An experienced commercial real estate developer was planning on building a 300-unit apartment complex in the Chicago suburbs. As he modeled the project, he considered two options for financing it.
The first option was to raise all the equity needed to finance the deal, a route that would tie up much if not all of his personal capital. The second option was to take out a multifamily construction loan to finance the development. After speaking with a commercial mortgage broker, the developer opted to take out the construction loan.
Developers use multifamily construction loans for one of two reasons: They either don’t have the capital to fund the project themselves or they don’t want to allocate such a large percentage of their liquid assets to one project. Instead, they’d rather leverage their funds to allow for more investment opportunities.
A developer will generally take out an apartment construction loan for a few years to fund the development and stabilization of the property. These construction loans are usually structured as interest-only products, with built-in reserves to cover the interest payments. After construction is complete, the developer will look to lease up and stabilize the property as quickly as possible.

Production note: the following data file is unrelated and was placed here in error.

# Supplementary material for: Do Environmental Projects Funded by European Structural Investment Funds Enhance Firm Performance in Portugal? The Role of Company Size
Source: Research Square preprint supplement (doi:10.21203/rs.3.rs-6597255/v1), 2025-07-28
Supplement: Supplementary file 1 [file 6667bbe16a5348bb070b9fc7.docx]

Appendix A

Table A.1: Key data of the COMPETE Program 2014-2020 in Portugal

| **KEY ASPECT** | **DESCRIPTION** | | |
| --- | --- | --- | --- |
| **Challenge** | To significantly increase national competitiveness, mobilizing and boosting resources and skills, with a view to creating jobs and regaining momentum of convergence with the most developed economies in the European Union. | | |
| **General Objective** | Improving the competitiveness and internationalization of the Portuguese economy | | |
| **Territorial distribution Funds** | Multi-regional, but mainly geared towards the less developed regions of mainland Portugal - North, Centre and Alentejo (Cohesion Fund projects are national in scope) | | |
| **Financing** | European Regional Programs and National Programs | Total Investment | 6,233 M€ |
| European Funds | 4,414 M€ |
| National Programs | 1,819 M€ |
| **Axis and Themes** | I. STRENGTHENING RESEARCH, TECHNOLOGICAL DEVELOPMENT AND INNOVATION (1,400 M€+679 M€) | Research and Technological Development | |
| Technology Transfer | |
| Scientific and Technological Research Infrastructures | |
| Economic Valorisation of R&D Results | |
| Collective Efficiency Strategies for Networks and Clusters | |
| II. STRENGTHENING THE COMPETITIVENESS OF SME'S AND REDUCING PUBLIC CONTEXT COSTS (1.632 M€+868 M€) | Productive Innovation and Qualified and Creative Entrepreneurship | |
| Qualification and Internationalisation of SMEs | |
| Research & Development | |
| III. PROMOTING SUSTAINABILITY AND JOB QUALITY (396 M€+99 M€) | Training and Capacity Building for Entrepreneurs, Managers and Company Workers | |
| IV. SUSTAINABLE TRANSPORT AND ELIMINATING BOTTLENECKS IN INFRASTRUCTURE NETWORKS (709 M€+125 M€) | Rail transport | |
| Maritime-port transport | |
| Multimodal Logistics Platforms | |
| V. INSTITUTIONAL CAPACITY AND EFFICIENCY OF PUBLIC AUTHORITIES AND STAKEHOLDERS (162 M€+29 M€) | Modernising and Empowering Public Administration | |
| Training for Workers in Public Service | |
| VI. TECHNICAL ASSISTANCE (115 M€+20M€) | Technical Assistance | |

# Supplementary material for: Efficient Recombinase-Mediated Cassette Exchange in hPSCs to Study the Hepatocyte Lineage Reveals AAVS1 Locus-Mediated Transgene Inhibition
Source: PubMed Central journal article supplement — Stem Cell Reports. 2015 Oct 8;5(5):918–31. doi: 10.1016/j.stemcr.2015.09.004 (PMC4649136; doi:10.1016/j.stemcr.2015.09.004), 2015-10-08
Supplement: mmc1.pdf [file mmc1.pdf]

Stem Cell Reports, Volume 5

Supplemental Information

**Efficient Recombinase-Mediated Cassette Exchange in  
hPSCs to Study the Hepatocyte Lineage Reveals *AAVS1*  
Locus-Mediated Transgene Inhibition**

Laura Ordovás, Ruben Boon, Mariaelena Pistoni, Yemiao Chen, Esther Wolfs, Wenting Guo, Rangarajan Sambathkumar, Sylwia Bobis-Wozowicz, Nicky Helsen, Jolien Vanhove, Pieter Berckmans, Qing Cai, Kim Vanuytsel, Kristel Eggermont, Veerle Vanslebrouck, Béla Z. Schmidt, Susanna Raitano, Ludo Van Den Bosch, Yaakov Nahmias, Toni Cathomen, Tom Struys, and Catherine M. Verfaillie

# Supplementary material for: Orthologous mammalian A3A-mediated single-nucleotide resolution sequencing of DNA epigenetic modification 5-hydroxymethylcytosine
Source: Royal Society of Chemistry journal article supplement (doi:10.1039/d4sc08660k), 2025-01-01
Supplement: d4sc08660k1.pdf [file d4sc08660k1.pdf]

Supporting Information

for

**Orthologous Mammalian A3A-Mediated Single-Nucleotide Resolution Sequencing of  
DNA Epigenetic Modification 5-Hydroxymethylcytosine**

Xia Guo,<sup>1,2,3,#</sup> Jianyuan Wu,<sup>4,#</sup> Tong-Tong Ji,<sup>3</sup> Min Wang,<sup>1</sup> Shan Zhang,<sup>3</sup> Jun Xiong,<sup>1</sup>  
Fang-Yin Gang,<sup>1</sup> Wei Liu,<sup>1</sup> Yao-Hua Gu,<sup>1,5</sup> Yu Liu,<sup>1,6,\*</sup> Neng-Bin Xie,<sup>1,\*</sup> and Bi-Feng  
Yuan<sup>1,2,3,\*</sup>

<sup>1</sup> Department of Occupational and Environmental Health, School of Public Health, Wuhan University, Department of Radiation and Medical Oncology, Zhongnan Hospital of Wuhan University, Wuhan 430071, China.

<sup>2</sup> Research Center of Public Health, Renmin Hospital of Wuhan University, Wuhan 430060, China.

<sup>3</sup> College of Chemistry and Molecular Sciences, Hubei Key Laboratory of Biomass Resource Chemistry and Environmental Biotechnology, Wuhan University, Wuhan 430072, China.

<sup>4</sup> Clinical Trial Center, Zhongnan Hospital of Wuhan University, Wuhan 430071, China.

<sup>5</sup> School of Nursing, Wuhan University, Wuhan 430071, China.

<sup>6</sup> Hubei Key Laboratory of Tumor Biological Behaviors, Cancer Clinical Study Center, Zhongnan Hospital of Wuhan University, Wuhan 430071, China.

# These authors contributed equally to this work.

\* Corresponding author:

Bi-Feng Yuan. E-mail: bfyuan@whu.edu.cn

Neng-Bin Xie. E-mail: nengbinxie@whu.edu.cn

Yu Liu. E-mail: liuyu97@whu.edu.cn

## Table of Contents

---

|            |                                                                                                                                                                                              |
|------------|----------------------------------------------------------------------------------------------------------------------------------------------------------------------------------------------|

Once a property is stabilized and generating cash flow, a developer will look to refinance the construction loan into permanent financing. Permanent loans are usually amortized over 25 to 30 years with both principal and interest payments made monthly (although some permanent financing options offer interest-only terms as well).
A borrower needs to be able to tell the story of the development project that needs funding and why it is the right deal for a specific lender.
Sometimes the construction lender may offer what’s known as a construction-to-permanent loan. In these instances, the loan will begin with an interest-only payment period during the initial construction phase. It will then convert into an amortizing loan over a fixed term once the property begins to generate cash flow.
Know the terminology
Two of the most crucial concepts to be aware of when looking for an apartment construction loan are the loan-to-value (LTV) ratio and loan-to-cost (LTC) ratio. While the LTV metric is utilized in conventional lending, it still is an important metric when it comes to multifamily construction loans as well.
With regard to conventional commercial real estate financing, LTV refers to the maximum loan amount a lender is willing to lend relative to the property’s current value. If an apartment complex is worth $5 million and the lender is willing to finance at 80% LTV, the borrower can obtain up to $4 million for the property.